Skip to main content

A different standard for self-driving car safety

Experts in computer science, sustainability, urban planning discuss future of autonomous vehicles at ASU panel

March 30, 2018

Tragic history was made recently in Tempe when a self-driving car hit and killed a human being for the first time.

One person is killed per 100 million miles driven in the United States.

“With regard for autonomous vehicles, we are at one death for ten million miles,” said Clark Miller, professor in the School for the Future of Innovation in Society and moderator of an Arizona State University panel discussion Friday. The panel, "The Future of Autonomous Vehicles," addressed the accident and its implications.

Who was at fault in the fatal accident? Everyone.

Initial reports said that the pedestrian stepped out into the road.

But an internal camera shows “it’s pretty clear the driver was not looking at the road at the time,” said Thad Miller, a professor in the School for the Future of Innovation in Society. And the car — bristling with sensors, lasers, cameras and radar — made “zero attempt to stop or swerve” in dash cam video, Miller added.

“It’s still not clear where blame will be placed,” Miller concluded.

More: Autonomous vehicles driving the wrong road to safety, ASU engineer says

Self-driving cars are going to be held to a different safety standard than human drivers.

“The lead question is: safety for whom?” asked David King, an assistant professor in the School of Geographical Sciences and Urban Planning. “The biggest danger we have is we overreact to the pedestrian risk. … If autonomous vehicles hit and kill as many people as human drivers, that’s going to be seen as unacceptable."

The question of continued testing in the Phoenix area is still up in the air.

“Small mistakes can have a huge effect on society,” said Lina Karam, a professor and computer engineering chair in the School of Electrical, Computer, and Energy Engineering.

As the technology develops, it will continue to share the road with human-chauffeured cars. “At least for a while our streets will be mixed-use,” Clark Miller said.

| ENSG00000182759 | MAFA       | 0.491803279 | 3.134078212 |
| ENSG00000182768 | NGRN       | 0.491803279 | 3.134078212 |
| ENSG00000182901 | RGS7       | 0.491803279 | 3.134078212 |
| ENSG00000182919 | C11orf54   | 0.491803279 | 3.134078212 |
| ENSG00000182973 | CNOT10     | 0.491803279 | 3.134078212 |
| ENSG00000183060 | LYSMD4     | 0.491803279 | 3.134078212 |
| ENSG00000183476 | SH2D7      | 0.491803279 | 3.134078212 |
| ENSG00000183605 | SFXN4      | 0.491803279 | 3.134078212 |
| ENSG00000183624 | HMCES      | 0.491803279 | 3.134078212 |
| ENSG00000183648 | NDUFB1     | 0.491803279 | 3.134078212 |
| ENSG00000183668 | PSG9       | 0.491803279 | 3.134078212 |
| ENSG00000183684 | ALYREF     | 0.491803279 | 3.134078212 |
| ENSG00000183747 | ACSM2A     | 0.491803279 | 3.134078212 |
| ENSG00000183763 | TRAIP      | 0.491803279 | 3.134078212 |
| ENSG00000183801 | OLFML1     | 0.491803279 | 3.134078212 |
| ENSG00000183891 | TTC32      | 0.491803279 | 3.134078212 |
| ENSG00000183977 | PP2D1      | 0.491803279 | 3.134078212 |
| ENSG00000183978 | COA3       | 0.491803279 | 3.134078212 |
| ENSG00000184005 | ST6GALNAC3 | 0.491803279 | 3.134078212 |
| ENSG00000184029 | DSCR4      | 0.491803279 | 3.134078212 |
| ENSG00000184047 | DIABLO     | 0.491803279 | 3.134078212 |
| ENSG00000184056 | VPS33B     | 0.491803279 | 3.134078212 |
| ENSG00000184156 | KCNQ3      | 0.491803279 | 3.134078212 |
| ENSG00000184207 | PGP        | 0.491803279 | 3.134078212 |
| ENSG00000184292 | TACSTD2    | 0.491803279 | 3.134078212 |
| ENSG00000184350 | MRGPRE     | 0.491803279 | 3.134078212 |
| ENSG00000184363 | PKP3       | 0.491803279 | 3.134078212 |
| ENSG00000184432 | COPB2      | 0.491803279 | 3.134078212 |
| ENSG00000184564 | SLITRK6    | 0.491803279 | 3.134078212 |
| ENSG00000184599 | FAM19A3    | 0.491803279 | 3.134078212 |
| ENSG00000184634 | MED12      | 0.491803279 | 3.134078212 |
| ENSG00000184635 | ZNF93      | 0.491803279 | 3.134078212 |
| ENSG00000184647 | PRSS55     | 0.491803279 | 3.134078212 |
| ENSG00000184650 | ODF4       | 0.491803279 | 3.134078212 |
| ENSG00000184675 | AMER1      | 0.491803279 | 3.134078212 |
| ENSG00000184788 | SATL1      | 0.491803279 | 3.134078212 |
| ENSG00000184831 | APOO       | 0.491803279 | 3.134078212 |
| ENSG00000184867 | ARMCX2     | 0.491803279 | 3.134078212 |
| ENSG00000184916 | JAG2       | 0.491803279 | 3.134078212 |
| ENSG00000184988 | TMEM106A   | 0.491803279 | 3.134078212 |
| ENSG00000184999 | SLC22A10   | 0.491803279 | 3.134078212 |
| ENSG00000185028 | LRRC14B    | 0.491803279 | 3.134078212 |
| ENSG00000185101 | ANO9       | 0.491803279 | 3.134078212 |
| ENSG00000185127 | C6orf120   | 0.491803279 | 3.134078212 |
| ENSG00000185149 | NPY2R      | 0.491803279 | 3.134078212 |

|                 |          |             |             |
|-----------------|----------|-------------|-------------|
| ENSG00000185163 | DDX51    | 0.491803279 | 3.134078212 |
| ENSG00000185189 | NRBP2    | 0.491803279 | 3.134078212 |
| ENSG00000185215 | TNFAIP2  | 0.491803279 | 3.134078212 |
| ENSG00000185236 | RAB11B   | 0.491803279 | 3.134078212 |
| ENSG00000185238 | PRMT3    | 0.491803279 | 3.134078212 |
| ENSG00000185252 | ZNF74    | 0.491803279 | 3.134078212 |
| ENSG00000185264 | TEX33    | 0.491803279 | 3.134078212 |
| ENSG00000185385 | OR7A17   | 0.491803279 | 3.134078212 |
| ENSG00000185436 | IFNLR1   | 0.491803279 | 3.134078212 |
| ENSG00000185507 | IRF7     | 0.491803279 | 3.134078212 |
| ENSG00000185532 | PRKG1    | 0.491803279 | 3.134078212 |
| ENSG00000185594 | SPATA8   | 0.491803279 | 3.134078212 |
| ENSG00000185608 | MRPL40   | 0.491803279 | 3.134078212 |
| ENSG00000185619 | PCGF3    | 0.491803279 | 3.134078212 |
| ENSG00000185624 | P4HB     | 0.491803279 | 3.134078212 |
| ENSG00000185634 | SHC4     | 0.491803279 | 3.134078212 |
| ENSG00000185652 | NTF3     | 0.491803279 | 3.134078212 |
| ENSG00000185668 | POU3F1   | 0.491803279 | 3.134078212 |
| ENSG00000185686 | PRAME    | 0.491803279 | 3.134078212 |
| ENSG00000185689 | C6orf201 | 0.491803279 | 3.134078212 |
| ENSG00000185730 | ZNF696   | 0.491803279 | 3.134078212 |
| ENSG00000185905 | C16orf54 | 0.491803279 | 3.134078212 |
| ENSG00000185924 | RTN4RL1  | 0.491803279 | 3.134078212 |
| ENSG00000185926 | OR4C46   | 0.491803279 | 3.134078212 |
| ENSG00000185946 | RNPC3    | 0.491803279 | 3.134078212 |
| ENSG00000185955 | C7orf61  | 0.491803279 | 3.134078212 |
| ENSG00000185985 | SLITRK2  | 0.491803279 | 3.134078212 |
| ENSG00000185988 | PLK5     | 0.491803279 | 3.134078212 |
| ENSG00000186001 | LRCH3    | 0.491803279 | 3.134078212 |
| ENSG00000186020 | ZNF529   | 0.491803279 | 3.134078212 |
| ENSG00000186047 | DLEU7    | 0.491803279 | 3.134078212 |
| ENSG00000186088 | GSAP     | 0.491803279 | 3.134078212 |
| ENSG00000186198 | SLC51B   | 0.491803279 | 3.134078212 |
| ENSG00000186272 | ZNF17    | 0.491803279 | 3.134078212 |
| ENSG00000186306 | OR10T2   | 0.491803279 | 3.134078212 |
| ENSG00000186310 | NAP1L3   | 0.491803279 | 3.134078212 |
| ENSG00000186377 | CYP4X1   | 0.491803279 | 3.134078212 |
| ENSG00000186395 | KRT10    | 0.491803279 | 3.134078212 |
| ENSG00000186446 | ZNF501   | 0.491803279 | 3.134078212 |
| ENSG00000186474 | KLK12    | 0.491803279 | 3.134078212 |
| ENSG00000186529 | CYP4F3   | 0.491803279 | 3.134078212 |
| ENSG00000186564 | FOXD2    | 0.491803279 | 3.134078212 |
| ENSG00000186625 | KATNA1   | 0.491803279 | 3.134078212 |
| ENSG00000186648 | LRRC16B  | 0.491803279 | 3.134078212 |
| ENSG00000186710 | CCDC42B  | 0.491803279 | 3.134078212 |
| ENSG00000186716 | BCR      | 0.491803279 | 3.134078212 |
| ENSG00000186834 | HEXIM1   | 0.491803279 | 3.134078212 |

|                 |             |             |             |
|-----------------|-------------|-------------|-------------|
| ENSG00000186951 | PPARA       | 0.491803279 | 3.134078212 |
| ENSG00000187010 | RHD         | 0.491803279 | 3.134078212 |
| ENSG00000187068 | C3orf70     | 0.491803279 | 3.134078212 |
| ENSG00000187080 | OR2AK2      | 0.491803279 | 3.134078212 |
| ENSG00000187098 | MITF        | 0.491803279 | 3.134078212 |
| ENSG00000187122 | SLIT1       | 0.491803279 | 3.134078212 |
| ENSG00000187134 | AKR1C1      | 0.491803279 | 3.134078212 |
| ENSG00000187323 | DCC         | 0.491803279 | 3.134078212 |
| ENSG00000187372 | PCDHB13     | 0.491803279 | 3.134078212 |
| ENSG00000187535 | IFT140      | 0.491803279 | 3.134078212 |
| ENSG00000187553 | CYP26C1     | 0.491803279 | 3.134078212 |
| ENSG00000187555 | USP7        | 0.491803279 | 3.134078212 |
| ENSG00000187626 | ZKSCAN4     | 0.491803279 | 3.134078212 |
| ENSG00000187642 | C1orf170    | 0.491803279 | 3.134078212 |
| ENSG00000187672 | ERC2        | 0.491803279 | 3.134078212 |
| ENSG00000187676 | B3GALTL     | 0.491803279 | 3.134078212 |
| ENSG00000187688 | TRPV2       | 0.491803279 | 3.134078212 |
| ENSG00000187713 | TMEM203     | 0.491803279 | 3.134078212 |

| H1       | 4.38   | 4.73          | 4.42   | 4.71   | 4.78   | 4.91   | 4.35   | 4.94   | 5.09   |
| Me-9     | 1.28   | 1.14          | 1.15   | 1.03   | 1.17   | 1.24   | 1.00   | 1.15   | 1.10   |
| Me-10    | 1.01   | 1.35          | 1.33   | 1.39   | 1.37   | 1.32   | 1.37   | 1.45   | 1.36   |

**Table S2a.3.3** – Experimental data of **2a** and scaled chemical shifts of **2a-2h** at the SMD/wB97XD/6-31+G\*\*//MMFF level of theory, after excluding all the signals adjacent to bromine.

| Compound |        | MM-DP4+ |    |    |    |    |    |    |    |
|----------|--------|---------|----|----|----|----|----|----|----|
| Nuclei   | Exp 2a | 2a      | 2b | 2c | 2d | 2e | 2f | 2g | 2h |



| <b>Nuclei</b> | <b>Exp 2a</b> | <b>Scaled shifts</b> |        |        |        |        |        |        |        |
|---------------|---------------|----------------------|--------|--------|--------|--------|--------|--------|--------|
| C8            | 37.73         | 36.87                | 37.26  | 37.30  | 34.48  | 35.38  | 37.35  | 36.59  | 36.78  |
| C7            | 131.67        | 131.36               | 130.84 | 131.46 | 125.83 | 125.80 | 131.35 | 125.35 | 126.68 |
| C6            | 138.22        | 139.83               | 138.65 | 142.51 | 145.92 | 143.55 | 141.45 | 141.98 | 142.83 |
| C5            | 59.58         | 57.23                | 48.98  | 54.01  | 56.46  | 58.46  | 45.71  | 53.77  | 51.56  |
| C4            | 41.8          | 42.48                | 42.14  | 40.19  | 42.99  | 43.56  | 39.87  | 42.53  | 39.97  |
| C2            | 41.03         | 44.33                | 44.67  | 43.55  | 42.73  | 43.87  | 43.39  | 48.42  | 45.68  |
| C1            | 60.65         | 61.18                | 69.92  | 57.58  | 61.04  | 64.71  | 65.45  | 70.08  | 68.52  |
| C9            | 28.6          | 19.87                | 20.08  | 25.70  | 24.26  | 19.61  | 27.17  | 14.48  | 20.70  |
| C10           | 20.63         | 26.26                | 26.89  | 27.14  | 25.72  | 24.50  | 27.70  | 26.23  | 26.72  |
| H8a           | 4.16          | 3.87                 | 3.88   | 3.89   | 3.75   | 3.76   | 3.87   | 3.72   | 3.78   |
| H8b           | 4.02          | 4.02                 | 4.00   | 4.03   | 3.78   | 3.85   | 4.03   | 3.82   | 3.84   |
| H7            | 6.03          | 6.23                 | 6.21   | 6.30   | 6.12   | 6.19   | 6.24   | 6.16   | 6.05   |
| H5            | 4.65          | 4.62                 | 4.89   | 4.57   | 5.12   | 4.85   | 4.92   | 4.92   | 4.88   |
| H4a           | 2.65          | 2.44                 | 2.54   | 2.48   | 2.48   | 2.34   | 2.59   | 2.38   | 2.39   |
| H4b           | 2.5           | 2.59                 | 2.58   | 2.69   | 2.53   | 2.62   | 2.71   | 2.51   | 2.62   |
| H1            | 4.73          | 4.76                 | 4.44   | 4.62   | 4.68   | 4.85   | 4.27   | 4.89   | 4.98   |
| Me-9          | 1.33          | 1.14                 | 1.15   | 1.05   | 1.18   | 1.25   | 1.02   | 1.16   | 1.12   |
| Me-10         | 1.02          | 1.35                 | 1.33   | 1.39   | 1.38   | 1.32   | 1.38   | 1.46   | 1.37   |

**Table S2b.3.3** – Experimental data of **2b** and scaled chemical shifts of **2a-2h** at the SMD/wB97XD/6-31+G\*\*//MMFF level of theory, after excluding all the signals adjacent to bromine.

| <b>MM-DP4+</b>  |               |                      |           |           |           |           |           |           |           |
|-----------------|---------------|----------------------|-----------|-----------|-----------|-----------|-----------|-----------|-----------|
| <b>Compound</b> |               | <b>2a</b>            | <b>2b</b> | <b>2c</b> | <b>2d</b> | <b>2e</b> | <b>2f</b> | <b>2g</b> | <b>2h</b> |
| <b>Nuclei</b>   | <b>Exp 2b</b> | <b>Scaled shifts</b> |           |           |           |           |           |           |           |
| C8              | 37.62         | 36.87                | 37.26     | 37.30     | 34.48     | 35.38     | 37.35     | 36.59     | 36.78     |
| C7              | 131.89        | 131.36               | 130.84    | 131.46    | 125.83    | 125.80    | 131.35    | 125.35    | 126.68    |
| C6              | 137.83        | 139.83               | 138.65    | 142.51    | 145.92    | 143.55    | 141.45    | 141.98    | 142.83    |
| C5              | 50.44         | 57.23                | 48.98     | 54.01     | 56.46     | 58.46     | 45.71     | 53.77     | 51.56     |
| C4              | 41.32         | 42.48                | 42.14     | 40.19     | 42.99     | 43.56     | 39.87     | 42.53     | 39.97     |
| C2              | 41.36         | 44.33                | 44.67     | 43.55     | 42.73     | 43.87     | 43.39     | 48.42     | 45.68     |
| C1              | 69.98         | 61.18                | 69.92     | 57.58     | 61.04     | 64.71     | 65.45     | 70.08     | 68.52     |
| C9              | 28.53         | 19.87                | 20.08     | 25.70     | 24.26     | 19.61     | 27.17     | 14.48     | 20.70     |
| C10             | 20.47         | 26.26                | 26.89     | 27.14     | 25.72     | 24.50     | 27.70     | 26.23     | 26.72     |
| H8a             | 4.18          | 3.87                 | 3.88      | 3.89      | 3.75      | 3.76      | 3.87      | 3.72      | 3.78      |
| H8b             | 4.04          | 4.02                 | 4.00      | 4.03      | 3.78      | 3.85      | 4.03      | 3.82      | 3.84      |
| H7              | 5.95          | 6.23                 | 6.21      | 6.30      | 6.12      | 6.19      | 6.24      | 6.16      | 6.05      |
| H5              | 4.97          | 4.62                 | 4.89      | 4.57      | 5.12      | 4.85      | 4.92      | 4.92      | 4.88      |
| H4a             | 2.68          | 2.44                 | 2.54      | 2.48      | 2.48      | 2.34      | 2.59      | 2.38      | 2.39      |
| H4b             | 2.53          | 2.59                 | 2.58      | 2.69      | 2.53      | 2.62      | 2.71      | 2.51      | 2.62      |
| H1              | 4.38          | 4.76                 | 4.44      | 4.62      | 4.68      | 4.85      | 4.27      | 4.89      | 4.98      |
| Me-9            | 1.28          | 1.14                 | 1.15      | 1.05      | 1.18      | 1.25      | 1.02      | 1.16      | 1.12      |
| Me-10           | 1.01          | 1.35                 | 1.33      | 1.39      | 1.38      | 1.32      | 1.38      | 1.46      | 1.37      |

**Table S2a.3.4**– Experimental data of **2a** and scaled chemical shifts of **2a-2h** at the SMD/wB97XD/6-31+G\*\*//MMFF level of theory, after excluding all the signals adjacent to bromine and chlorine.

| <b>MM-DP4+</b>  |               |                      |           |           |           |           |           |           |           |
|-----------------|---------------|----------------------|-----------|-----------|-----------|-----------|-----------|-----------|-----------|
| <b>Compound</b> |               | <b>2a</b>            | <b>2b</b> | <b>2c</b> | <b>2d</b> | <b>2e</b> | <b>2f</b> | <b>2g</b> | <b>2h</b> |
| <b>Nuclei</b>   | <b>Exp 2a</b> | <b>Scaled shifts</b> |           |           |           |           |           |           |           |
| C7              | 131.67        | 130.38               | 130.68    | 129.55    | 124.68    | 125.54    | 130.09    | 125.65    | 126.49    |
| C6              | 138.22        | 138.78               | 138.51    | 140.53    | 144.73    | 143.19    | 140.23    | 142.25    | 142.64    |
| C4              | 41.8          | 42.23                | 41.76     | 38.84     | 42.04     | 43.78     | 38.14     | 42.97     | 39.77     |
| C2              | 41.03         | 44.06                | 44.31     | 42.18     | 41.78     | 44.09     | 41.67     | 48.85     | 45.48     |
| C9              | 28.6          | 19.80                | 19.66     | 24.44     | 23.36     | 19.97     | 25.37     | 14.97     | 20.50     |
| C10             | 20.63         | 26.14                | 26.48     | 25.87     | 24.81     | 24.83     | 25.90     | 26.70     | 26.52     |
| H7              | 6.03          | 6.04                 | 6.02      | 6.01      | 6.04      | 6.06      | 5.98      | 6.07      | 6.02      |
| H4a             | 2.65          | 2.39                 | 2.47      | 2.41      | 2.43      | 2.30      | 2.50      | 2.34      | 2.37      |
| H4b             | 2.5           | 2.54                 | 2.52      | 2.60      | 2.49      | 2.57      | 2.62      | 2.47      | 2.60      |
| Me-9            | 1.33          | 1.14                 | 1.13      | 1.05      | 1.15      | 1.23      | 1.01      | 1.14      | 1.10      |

“It’s very unlikely human driving is going to go away any time soon,” King added.

When it comes to robotic cars or autonomous vehicles, we're faced with more questions than answers. 

Among those questions is the lack of a basic safety standard, such as being able to identify an object in the road 30 yards ahead while moving at 30 miles per hour. Do we prioritize people or vehicles?

What will happen to public transit? What will happen to parking structures? Will driverless cars lead to the renewal of urban sprawl?

“These are things cities need to think about now and not 15 years down the road,” Thad Miller said.

This event was co-hosted by the School for the Future of Innovation in Society and the Julie Ann Wrigley Global Institute of Sustainability.

Top photo: Scene from an accident in Tempe in 2017. The car on its side is an Uber self-driving car. Photo courtesy Tempe Police Department

More Science and technology


A gila monster is perched next to a cactus with its mouth open.

ASU researchers first to fully sequence Gila monster genome, thanks to crowd-funding campaign

The Sonoran Desert is full of wild creatures, from sharp-tailed scorpions that glow under black light to desert toads that secrete hallucinogenic toxins from their skin. Perhaps no creature, though,…

Assistant Professor Zhe Xu with students and their robots outside in a grassy area.

Sparking an evolution in robotics

Thinking about swarms of robots might conjure up images from old sci-fi movies in which Earth is invaded by armies of mechanical androids from another world that are programmed and weaponized to…

The International Space Station in space.

Interplanetary Initiative wins ISS National Laboratory grant

The Interplanetary Initiative at Arizona State University has won a grant from the International Space Station (ISS) National Laboratory to develop a new professional development program to help…